Chords from the phrygian mode: min, min7, min7b9, 7susb9, b9sus, min11(b9)

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More often than minor chords, the phrygian mode gets used over sus4 chords. The reason is because sus chords don't contain 3rds, the minor 3rd of the scale gets nuturalized in a way. You may want to even consider the min 3rd as an aug 9th which makes it seem compatible with dominant chords. Jazz guys like Wayne Shorter and Herbie Hancock used to like to use the prygian mode over a b9 sus chord. I talked a little about the phrygian mode and its relationship with dominant chords in one of my previous lessons: Everything You Wanted to Know About Dominant Chords.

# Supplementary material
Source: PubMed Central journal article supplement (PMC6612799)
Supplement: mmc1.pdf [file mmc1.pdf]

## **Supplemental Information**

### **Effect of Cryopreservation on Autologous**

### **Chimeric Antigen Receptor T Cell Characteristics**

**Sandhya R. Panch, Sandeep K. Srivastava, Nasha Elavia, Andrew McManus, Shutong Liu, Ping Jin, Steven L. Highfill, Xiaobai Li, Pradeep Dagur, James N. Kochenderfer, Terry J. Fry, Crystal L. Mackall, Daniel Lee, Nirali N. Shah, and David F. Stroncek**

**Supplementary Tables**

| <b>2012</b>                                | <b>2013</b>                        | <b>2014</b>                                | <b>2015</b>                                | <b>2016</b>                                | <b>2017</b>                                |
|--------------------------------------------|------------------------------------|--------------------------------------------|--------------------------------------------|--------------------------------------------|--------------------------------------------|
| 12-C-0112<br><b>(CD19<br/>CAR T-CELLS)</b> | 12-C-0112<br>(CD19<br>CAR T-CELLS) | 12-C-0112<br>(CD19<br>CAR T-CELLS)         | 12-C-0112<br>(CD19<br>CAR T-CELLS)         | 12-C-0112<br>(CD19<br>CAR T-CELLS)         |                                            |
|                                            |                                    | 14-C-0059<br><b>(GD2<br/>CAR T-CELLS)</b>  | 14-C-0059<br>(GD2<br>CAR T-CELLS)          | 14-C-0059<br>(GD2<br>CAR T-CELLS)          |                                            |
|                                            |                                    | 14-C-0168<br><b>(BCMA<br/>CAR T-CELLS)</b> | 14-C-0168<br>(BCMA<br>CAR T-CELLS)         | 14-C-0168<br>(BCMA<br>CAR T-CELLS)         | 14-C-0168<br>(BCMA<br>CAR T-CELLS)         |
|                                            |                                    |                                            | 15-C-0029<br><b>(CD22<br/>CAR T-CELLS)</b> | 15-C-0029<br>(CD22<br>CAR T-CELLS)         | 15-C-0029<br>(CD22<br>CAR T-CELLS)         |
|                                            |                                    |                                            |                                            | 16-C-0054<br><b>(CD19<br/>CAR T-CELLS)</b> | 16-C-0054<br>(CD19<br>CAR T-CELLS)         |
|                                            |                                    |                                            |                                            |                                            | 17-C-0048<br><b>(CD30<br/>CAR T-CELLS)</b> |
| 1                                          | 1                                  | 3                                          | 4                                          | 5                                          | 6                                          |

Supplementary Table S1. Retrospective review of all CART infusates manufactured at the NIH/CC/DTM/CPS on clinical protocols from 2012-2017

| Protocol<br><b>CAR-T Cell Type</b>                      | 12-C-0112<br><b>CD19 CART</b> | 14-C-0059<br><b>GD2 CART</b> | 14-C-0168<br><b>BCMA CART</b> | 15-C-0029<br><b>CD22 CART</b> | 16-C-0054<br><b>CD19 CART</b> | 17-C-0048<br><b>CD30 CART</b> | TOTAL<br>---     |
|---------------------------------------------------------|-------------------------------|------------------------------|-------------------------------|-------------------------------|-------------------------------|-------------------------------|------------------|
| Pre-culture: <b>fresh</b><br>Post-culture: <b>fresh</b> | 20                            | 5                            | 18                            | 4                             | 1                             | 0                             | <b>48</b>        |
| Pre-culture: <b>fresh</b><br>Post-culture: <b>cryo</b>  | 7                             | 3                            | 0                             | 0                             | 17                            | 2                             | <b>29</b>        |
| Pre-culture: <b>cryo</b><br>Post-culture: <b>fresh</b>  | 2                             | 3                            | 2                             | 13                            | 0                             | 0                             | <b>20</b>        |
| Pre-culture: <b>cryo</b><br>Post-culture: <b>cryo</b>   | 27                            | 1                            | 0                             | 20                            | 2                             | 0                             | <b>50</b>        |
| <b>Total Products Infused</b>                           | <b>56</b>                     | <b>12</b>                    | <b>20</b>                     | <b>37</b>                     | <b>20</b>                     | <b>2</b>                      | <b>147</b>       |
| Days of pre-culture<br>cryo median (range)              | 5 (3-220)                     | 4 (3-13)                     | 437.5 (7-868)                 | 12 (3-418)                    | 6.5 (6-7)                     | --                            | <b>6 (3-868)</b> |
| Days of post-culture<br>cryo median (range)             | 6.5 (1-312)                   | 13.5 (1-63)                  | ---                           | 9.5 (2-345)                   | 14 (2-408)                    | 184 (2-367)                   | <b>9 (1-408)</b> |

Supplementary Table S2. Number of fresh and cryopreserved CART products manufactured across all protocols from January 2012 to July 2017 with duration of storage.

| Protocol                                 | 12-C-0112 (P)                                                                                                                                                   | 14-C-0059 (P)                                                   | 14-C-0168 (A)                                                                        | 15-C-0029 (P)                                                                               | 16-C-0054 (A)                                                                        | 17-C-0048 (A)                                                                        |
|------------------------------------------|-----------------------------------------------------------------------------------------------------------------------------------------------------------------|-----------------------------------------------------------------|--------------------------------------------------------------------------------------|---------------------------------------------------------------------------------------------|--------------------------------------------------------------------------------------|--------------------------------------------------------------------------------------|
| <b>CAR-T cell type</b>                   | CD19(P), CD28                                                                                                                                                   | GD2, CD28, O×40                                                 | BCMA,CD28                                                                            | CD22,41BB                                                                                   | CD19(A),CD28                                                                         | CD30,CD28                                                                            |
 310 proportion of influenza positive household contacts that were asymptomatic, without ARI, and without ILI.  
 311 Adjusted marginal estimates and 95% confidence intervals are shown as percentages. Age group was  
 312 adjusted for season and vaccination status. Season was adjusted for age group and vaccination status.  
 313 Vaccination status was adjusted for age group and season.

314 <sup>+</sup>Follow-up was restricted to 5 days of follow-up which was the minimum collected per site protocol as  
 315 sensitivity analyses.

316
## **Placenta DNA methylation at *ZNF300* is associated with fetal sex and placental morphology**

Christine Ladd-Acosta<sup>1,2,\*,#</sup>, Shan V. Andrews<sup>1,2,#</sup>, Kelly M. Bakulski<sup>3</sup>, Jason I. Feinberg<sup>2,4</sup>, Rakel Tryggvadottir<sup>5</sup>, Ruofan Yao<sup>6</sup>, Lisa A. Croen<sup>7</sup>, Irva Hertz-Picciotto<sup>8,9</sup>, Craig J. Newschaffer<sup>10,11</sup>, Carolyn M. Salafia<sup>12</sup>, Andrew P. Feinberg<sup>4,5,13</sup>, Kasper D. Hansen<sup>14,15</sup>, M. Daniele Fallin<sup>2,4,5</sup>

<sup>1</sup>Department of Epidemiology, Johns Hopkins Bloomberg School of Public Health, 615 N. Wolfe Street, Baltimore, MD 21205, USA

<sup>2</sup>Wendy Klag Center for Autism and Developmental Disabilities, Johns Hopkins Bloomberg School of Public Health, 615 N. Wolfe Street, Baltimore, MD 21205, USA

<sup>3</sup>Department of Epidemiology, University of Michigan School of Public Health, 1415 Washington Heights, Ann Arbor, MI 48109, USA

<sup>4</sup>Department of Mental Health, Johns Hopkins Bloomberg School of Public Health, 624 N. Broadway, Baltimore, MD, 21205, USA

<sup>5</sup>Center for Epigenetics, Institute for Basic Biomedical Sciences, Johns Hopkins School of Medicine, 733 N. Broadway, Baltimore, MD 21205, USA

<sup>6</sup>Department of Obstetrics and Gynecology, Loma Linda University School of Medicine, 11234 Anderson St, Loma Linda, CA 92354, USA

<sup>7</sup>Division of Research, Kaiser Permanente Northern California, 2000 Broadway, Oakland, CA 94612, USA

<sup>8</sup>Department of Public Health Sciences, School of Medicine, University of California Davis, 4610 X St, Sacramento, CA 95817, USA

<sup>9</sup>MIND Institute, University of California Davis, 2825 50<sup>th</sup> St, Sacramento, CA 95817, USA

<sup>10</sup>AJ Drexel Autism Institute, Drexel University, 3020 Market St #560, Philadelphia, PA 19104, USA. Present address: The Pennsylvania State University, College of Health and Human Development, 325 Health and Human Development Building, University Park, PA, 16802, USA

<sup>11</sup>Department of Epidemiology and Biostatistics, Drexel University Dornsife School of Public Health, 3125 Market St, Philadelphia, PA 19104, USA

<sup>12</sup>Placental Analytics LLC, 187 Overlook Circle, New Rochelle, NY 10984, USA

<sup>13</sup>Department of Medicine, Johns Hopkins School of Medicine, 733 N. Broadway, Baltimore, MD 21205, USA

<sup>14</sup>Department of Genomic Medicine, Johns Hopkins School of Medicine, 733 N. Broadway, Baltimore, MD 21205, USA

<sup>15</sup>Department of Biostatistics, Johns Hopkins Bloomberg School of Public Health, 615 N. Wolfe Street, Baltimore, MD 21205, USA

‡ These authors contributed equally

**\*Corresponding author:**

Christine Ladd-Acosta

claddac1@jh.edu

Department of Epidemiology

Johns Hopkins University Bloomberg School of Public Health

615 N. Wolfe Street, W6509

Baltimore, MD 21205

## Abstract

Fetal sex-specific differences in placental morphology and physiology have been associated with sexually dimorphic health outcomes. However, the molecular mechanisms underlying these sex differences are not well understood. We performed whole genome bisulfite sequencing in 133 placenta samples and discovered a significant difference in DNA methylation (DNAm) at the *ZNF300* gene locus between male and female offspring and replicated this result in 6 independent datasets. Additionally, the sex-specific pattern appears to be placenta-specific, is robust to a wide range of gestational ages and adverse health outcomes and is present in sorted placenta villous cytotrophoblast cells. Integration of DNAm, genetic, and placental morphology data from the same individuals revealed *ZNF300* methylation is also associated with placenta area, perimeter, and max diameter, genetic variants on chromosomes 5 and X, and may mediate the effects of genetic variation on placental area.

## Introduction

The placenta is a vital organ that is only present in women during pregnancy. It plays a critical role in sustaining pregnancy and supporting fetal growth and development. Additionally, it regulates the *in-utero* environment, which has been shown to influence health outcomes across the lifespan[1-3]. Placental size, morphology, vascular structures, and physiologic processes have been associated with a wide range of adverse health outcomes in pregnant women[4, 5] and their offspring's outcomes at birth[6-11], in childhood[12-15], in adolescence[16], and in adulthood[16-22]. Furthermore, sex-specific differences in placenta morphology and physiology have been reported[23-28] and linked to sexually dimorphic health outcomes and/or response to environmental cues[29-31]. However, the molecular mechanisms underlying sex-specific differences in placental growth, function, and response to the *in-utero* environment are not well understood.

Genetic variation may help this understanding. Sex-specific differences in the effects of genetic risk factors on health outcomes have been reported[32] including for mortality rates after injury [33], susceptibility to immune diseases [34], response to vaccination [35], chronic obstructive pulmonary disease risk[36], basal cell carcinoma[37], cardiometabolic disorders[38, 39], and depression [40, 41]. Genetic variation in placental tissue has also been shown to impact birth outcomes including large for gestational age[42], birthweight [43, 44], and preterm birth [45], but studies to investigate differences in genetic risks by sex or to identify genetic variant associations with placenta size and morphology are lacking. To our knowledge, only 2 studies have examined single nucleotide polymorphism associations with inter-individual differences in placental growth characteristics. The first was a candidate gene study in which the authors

The b9sus chord, sometimes known as the "Phrygian" chord:
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Playing the Phrygian Mode
OK, the next step here is to get you to be able to play any phrygian scale anytime you want quickly. The point is; just like the dorian mode, to figure out on the spot what major scale you need to be playing. Remember what I said before; it's not where you start or stop, it's what chord you are playing over that counts. On the chart you are reading, it tells you that you have to play a solo over a C(b9)sus chord (a typical "phrygian" chord). All you have to do is determine what major scale you have to play to get the phrygian mode. This is what you do; you use the phrygian mode rule which is: phrygian mode = major scale down a maj3rd. Remember how this works? If C is on the eighth fret, Ab is a major third down from that note. All you have to do is play a Ab major scale over the C(b9)sus chord and you'll get the phrygian sound.